Confucian Schools and the Quest for Values

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Maureen Fan from the Post did a profile of Luo Yu, a Chinese entrepreneur who has set aside his businesses and is focusing on running courses designed to instill traditional Chinese values into the children of China’s newly-prosperous entrepreneurs.

We are going to see more of this kind of thing in the coming years. The Chinese people have had their moral codes stripped from them twice in the past century – once when Confucianism was tossed out the door in 1949, and then again when Maoism gradually fell out of favor in the wake of the Cultural Revolution.

What this has left the Chinese people is a moral code based on two of Deng Xiaoping’s most famous utterances:

1. To get rich is glorious.

2. It doesn’t matter if the cat is black or white, as long as it catches mice.

In other words, do whatever it takes to get rich.

Even a hardcore secular humanist should agree that this is a horribly inadequate moral and ethical basis on which to build a “harmonious society.”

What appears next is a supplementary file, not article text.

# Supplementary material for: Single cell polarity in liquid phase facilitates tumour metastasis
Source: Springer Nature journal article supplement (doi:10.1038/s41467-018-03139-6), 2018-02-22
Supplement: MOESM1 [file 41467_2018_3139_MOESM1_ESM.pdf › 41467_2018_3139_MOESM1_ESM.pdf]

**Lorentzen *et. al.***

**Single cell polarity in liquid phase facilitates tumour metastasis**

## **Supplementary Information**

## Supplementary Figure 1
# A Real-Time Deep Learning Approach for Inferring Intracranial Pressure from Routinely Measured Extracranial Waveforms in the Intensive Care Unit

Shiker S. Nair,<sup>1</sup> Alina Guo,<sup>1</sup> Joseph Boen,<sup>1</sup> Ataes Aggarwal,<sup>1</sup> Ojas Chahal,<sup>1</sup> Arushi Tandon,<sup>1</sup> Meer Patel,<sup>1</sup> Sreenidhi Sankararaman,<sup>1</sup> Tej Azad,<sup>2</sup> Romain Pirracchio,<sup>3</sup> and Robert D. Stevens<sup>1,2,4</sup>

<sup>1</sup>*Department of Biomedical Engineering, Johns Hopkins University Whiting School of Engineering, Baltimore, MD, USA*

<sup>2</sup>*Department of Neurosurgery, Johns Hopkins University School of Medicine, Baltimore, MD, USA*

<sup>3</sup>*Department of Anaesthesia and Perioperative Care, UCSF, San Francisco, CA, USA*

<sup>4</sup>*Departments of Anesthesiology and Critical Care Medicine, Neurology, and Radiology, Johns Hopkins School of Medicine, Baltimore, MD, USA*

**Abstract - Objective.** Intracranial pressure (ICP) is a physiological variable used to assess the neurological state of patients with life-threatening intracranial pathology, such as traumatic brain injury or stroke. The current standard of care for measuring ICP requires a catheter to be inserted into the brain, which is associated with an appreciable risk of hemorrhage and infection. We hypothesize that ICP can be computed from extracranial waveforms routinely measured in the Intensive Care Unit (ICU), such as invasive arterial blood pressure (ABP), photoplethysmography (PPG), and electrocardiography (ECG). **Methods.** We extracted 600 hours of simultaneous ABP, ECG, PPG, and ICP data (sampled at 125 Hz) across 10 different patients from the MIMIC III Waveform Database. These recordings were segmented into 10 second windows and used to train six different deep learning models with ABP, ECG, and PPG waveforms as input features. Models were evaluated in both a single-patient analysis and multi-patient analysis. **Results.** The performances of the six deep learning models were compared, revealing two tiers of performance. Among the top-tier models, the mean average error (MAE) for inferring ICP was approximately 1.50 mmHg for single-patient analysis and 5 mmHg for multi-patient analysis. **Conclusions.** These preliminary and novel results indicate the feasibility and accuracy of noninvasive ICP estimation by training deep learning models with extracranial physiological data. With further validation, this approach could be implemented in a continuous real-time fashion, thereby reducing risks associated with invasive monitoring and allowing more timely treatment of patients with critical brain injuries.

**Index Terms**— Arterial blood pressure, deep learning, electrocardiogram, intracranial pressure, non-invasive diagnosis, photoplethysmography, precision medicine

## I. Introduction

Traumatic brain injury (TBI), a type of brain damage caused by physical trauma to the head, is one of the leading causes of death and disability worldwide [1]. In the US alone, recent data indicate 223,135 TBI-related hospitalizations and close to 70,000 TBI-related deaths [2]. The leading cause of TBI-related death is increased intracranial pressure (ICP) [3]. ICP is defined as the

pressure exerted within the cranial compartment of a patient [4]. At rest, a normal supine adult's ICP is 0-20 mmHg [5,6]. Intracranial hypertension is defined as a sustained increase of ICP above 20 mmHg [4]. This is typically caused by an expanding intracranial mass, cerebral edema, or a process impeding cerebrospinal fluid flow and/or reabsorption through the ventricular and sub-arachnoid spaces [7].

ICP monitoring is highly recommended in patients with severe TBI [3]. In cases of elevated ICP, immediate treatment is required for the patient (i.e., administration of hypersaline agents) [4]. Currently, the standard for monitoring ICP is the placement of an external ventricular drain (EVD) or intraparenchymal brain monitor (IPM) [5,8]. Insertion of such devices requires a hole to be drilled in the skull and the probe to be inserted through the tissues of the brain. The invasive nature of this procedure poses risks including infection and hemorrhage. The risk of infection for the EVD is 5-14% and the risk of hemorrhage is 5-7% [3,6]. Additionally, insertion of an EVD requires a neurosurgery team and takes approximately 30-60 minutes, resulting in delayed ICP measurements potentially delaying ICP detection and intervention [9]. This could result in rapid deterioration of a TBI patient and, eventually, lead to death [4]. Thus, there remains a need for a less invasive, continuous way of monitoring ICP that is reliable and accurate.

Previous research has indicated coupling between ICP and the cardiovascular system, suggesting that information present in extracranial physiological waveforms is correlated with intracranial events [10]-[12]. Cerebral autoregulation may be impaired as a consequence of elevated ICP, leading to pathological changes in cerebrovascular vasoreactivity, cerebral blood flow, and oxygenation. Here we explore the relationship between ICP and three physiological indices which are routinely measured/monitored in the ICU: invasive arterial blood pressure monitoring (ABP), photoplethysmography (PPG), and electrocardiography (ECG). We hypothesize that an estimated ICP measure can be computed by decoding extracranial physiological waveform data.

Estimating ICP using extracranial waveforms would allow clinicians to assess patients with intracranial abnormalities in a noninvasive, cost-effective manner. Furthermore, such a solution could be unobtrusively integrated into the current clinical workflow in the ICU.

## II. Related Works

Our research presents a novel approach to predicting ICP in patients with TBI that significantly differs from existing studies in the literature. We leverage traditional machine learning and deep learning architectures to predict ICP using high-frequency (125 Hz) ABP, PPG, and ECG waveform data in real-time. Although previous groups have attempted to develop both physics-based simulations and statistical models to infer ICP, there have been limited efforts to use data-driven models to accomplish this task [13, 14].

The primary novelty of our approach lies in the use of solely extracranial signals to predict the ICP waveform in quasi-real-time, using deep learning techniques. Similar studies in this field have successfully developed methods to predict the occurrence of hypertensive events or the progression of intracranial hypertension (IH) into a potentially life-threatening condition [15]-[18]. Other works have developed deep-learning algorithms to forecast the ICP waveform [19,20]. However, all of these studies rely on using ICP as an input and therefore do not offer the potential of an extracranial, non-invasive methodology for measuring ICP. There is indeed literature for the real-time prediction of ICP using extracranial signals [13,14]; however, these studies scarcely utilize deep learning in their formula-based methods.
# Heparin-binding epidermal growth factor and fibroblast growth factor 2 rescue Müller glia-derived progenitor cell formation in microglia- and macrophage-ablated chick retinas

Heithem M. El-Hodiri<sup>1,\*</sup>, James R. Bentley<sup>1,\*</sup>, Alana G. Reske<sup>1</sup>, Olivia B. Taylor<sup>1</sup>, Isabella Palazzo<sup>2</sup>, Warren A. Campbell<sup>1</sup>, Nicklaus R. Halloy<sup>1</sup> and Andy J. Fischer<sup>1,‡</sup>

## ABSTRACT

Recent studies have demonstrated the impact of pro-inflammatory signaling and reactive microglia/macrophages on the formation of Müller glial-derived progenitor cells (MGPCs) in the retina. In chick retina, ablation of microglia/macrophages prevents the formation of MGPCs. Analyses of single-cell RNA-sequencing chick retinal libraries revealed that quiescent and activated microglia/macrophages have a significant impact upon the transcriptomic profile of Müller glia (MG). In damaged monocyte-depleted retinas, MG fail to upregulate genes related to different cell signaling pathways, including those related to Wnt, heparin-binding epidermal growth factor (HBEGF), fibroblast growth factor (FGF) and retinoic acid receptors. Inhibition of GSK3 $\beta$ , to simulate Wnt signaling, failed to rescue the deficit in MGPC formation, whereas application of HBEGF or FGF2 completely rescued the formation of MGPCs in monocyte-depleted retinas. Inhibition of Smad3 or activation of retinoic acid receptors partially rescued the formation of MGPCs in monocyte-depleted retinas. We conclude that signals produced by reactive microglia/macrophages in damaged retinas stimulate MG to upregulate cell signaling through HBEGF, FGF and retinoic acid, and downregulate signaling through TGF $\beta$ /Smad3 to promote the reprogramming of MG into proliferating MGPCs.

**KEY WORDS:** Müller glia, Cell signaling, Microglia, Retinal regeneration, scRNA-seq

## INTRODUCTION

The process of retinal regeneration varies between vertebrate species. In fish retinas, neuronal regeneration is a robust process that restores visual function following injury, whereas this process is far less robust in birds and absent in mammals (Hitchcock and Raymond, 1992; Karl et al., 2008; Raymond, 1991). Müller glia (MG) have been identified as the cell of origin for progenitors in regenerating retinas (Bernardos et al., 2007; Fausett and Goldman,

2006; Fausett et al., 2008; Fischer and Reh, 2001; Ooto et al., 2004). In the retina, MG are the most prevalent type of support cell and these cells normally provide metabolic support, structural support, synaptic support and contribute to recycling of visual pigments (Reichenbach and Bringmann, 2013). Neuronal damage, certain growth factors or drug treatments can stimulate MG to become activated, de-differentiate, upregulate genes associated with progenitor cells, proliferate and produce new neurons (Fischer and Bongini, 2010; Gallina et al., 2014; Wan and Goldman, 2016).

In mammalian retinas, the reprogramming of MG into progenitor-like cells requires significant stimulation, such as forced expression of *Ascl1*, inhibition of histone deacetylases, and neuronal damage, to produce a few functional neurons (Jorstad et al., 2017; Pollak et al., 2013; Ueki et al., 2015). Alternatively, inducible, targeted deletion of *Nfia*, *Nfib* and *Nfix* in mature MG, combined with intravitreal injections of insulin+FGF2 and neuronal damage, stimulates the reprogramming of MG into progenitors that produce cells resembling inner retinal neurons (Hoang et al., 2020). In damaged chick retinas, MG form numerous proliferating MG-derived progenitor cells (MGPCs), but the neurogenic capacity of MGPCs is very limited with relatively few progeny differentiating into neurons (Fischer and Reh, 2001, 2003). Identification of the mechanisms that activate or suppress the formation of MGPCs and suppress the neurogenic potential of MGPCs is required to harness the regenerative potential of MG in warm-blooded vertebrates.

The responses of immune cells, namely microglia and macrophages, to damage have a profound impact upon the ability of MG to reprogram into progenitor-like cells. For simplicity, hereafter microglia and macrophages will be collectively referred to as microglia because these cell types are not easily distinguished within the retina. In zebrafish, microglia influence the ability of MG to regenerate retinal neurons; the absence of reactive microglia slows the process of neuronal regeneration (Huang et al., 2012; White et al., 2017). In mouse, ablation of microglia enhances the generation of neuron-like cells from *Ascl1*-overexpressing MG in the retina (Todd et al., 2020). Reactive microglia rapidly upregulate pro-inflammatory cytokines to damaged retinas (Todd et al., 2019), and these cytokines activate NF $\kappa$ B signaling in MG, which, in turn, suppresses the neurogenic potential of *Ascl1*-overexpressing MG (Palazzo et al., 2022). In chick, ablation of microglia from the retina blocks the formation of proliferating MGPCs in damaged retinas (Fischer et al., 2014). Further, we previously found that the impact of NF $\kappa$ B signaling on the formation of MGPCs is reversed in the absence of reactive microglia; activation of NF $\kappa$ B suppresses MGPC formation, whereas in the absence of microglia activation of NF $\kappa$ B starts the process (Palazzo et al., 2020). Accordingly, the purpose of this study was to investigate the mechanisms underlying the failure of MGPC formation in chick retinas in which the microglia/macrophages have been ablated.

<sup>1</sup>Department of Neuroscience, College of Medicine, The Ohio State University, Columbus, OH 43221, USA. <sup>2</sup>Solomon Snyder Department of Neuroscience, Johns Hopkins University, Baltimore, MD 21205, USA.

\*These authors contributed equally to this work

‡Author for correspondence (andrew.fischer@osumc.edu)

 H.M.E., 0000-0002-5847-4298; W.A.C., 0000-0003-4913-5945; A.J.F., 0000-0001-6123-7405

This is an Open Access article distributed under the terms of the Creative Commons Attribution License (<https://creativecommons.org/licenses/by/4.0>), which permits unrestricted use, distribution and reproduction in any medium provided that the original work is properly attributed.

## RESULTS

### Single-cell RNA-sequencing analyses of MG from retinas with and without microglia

I suspect many parents will head in the direction of neo-Confucian schools like Mr. Luo’s, and still others will turn to Buddhism and even Christianity, and that the government will be happily complicit in this process. It may not be politically correct for a senior member of the Communist Party to say that China’s people need to have a spiritual aspect to their lives, but you can bet they’re thinking it.

Something else we can look forward to: a growing national debate on what constitutes “Chinese Values,” and an effort to create a secular cannon of Chinese morality cobbled from Confucianism, Daoism, and the more enlightened aspects of Chinese revolutionary thought (from Sun Yat-Sen through Jiang Zemin.)


About David Wolf

An adviser to corporations and organizations on strategy, communications, and public affairs, David Wolf has been working and living in Beijing since 1995, and now divides his time between China and California. He also serves as a policy and industry analyst focused on innovative and creative industries, a futurist, and an amateur historian.
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